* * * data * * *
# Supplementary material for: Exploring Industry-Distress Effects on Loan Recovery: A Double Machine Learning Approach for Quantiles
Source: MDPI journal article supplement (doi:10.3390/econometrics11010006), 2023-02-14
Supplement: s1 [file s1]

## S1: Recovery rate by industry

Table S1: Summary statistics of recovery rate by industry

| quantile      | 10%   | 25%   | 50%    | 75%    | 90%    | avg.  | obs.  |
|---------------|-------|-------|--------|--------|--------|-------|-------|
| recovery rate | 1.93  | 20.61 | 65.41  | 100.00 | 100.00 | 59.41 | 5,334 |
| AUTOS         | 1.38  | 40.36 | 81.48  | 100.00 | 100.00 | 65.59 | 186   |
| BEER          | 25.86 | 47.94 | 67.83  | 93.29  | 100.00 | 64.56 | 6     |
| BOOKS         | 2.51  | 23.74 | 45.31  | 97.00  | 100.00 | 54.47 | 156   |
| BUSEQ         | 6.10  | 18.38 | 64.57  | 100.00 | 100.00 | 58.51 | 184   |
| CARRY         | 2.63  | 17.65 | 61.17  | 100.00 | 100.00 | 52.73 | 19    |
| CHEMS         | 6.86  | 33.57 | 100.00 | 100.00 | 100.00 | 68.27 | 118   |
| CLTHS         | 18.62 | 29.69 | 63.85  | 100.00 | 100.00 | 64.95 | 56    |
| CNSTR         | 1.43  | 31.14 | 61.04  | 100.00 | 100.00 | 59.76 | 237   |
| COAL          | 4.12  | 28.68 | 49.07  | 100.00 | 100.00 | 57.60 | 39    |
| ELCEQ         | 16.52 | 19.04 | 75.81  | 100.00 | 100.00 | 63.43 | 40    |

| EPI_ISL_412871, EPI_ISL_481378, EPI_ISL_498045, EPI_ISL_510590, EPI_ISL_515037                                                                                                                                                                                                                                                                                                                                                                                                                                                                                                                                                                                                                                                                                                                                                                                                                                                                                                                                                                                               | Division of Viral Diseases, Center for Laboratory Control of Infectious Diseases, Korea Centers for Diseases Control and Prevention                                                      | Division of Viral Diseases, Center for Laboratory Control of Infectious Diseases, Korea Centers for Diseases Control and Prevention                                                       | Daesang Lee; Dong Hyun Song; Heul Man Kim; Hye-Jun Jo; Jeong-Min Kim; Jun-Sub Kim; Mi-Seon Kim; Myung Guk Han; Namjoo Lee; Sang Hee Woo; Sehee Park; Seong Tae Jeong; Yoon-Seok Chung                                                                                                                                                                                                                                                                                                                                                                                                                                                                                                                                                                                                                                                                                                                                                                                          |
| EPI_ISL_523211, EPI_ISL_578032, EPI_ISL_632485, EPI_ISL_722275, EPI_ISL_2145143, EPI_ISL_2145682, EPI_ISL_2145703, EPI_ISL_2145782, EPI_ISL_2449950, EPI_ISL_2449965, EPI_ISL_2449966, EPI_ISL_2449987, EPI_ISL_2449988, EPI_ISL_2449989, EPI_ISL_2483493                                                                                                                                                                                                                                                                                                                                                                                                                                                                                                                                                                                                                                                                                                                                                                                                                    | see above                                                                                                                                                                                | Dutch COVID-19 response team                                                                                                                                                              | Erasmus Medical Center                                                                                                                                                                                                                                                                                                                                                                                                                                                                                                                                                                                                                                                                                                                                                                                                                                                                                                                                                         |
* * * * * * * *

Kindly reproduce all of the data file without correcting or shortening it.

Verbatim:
# Supplementary material for: Exploring Industry-Distress Effects on Loan Recovery: A Double Machine Learning Approach for Quantiles
Source: MDPI journal article supplement (doi:10.3390/econometrics11010006), 2023-02-14
Supplement: s1 [file s1]

## S1: Recovery rate by industry

Table S1: Summary statistics of recovery rate by industry

| quantile      | 10%   | 25%   | 50%    | 75%    | 90%    | avg.  | obs.  |
|---------------|-------|-------|--------|--------|--------|-------|-------|
| recovery rate | 1.93  | 20.61 | 65.41  | 100.00 | 100.00 | 59.41 | 5,334 |
| AUTOS         | 1.38  | 40.36 | 81.48  | 100.00 | 100.00 | 65.59 | 186   |
| BEER          | 25.86 | 47.94 | 67.83  | 93.29  | 100.00 | 64.56 | 6     |
| BOOKS         | 2.51  | 23.74 | 45.31  | 97.00  | 100.00 | 54.47 | 156   |
| BUSEQ         | 6.10  | 18.38 | 64.57  | 100.00 | 100.00 | 58.51 | 184   |
| CARRY         | 2.63  | 17.65 | 61.17  | 100.00 | 100.00 | 52.73 | 19    |
| CHEMS         | 6.86  | 33.57 | 100.00 | 100.00 | 100.00 | 68.27 | 118   |
| CLTHS         | 18.62 | 29.69 | 63.85  | 100.00 | 100.00 | 64.95 | 56    |
| CNSTR         | 1.43  | 31.14 | 61.04  | 100.00 | 100.00 | 59.76 | 237   |
| COAL          | 4.12  | 28.68 | 49.07  | 100.00 | 100.00 | 57.60 | 39    |
| ELCEQ         | 16.52 | 19.04 | 75.81  | 100.00 | 100.00 | 63.43 | 40    |

| EPI_ISL_412871, EPI_ISL_481378, EPI_ISL_498045, EPI_ISL_510590, EPI_ISL_515037                                                                                                                                                                                                                                                                                                                                                                                                                                                                                                                                                                                                                                                                                                                                                                                                                                                                                                                                                                                               | Division of Viral Diseases, Center for Laboratory Control of Infectious Diseases, Korea Centers for Diseases Control and Prevention                                                      | Division of Viral Diseases, Center for Laboratory Control of Infectious Diseases, Korea Centers for Diseases Control and Prevention                                                       | Daesang Lee; Dong Hyun Song; Heul Man Kim; Hye-Jun Jo; Jeong-Min Kim; Jun-Sub Kim; Mi-Seon Kim; Myung Guk Han; Namjoo Lee; Sang Hee Woo; Sehee Park; Seong Tae Jeong; Yoon-Seok Chung                                                                                                                                                                                                                                                                                                                                                                                                                                                                                                                                                                                                                                                                                                                                                                                          |
| EPI_ISL_523211, EPI_ISL_578032, EPI_ISL_632485, EPI_ISL_722275, EPI_ISL_2145143, EPI_ISL_2145682, EPI_ISL_2145703, EPI_ISL_2145782, EPI_ISL_2449950, EPI_ISL_2449965, EPI_ISL_2449966, EPI_ISL_2449987, EPI_ISL_2449988, EPI_ISL_2449989, EPI_ISL_2483493                                                                                                                                                                                                                                                                                                                                                                                                                                                                                                                                                                                                                                                                                                                                                                                                                    | see above                                                                                                                                                                                | Dutch COVID-19 response team                                                                                                                                                              | Erasmus Medical Center                                                                                                                                                                                                                                                                                                                                                                                                                                                                                                                                                                                                                                                                                                                                                                                                                                                                                                                                                         |